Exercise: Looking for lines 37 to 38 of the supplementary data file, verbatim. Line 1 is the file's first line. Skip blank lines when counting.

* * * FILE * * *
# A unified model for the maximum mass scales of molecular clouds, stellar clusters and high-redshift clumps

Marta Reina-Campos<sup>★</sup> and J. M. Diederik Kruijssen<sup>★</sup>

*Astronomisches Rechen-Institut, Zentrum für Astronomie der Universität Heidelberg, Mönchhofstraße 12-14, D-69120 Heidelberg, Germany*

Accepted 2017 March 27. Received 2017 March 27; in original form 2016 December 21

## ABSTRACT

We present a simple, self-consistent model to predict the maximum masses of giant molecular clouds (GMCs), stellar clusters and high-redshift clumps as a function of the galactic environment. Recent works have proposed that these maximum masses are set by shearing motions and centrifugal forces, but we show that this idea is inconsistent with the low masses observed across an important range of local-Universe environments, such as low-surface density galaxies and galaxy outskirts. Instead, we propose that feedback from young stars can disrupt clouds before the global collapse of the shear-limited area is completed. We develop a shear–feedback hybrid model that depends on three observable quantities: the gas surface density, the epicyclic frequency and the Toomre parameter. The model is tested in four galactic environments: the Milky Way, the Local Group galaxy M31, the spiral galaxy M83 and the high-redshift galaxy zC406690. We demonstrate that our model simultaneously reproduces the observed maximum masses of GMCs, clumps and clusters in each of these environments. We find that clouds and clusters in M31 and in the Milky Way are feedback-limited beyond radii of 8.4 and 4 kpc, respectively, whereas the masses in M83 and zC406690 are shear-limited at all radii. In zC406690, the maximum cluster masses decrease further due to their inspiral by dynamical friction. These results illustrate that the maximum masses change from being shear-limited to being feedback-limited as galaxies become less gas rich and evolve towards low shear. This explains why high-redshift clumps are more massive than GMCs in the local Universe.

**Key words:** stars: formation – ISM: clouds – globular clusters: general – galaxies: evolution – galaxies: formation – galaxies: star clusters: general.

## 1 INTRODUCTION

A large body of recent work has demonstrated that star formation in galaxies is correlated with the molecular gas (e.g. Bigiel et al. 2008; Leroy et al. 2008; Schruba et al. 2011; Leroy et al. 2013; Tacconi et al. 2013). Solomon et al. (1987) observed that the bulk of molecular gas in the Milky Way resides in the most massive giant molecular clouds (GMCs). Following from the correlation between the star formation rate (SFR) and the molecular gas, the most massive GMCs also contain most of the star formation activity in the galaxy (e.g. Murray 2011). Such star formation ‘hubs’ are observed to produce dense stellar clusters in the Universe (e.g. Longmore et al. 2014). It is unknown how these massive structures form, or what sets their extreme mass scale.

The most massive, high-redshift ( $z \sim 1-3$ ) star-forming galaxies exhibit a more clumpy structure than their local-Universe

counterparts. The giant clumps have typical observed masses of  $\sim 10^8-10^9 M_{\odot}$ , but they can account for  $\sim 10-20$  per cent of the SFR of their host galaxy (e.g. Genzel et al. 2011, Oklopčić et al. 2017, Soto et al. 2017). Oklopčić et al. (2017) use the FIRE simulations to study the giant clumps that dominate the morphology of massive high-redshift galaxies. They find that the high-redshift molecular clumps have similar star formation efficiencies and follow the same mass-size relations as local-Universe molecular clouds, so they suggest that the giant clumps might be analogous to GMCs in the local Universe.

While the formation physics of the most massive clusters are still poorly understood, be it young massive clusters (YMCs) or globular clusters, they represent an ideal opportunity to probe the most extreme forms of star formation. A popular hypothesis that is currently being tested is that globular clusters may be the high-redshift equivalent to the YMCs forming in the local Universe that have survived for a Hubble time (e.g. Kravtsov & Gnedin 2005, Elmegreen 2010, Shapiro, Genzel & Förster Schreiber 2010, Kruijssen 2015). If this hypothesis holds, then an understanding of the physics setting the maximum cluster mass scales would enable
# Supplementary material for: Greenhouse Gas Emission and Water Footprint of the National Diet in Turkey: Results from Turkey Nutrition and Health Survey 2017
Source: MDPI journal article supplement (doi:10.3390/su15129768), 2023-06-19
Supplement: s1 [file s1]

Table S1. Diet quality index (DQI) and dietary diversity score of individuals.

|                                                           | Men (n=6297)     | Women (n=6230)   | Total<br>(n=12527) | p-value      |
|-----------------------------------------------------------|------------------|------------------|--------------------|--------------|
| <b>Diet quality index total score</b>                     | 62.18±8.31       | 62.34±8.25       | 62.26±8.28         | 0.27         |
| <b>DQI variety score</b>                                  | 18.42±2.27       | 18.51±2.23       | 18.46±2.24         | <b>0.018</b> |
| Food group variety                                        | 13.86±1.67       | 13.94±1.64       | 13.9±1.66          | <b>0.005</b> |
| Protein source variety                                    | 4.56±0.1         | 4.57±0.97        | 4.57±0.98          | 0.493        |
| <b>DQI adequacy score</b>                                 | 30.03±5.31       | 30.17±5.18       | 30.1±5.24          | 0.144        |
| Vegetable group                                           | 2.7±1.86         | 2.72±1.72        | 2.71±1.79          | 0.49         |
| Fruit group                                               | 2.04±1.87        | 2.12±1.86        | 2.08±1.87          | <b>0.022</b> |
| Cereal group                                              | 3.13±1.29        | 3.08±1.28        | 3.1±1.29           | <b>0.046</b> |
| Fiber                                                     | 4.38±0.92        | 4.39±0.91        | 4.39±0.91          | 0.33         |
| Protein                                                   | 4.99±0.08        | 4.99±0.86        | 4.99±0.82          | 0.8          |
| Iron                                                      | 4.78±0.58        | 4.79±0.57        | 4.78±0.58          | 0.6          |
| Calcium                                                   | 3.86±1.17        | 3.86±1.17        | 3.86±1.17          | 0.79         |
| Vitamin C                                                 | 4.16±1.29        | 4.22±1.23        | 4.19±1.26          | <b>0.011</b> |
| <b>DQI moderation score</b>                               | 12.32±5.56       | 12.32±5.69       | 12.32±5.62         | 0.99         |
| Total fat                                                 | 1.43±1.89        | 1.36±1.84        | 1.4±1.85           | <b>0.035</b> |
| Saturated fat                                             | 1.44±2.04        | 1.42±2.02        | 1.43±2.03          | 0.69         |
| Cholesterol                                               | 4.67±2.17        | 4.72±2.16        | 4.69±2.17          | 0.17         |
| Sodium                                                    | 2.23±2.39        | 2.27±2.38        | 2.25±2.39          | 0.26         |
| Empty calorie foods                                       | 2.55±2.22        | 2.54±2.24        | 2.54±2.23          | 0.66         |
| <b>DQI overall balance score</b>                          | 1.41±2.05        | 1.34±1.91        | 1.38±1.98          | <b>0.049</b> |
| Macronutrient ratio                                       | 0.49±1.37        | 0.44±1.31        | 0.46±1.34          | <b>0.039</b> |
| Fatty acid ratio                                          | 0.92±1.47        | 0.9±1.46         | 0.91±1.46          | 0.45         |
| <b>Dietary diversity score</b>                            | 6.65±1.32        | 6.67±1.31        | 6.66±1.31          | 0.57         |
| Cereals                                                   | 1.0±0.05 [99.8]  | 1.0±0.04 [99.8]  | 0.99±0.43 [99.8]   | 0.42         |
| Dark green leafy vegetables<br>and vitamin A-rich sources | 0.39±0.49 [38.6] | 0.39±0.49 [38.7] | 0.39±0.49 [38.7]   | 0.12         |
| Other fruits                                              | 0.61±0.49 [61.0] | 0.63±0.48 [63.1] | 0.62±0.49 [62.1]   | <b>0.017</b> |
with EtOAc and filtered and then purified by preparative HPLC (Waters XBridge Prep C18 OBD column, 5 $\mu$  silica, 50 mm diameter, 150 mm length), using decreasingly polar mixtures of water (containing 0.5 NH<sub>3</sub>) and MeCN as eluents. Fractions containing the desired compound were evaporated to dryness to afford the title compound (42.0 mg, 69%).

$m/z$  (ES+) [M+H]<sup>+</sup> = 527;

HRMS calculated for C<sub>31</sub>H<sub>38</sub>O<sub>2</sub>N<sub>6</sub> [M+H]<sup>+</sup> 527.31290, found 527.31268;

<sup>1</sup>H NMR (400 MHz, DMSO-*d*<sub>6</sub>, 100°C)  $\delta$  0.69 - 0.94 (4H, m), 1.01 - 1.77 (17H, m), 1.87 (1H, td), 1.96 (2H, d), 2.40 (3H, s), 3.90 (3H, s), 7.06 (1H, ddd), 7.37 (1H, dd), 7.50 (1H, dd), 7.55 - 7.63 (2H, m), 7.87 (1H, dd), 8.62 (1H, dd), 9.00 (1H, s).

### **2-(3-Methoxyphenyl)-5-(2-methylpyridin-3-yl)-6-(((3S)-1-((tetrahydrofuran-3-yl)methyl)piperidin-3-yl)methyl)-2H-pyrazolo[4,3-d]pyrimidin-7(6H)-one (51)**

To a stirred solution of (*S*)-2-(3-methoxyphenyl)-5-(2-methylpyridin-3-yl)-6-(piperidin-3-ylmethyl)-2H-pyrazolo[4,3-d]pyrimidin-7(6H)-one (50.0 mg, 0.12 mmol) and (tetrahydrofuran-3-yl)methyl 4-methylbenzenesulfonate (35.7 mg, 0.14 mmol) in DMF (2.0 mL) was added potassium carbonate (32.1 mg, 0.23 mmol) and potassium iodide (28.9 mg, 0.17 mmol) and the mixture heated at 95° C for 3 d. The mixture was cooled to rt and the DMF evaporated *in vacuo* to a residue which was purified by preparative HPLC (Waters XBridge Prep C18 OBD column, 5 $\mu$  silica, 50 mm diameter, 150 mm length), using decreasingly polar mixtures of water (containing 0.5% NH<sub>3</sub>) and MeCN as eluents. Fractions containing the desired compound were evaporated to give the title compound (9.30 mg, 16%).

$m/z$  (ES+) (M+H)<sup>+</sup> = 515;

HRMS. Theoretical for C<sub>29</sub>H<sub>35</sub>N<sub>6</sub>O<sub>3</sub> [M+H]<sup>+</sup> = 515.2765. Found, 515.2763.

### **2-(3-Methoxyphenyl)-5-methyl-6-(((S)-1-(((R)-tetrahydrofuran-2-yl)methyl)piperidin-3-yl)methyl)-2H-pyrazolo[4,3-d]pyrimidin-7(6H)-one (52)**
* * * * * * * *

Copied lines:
| Empty calorie foods                                       | 2.55±2.22        | 2.54±2.24        | 2.54±2.23          | 0.66         |
| <b>DQI overall balance score</b>                          | 1.41±2.05        | 1.34±1.91        | 1.38±1.98          | <b>0.049</b> |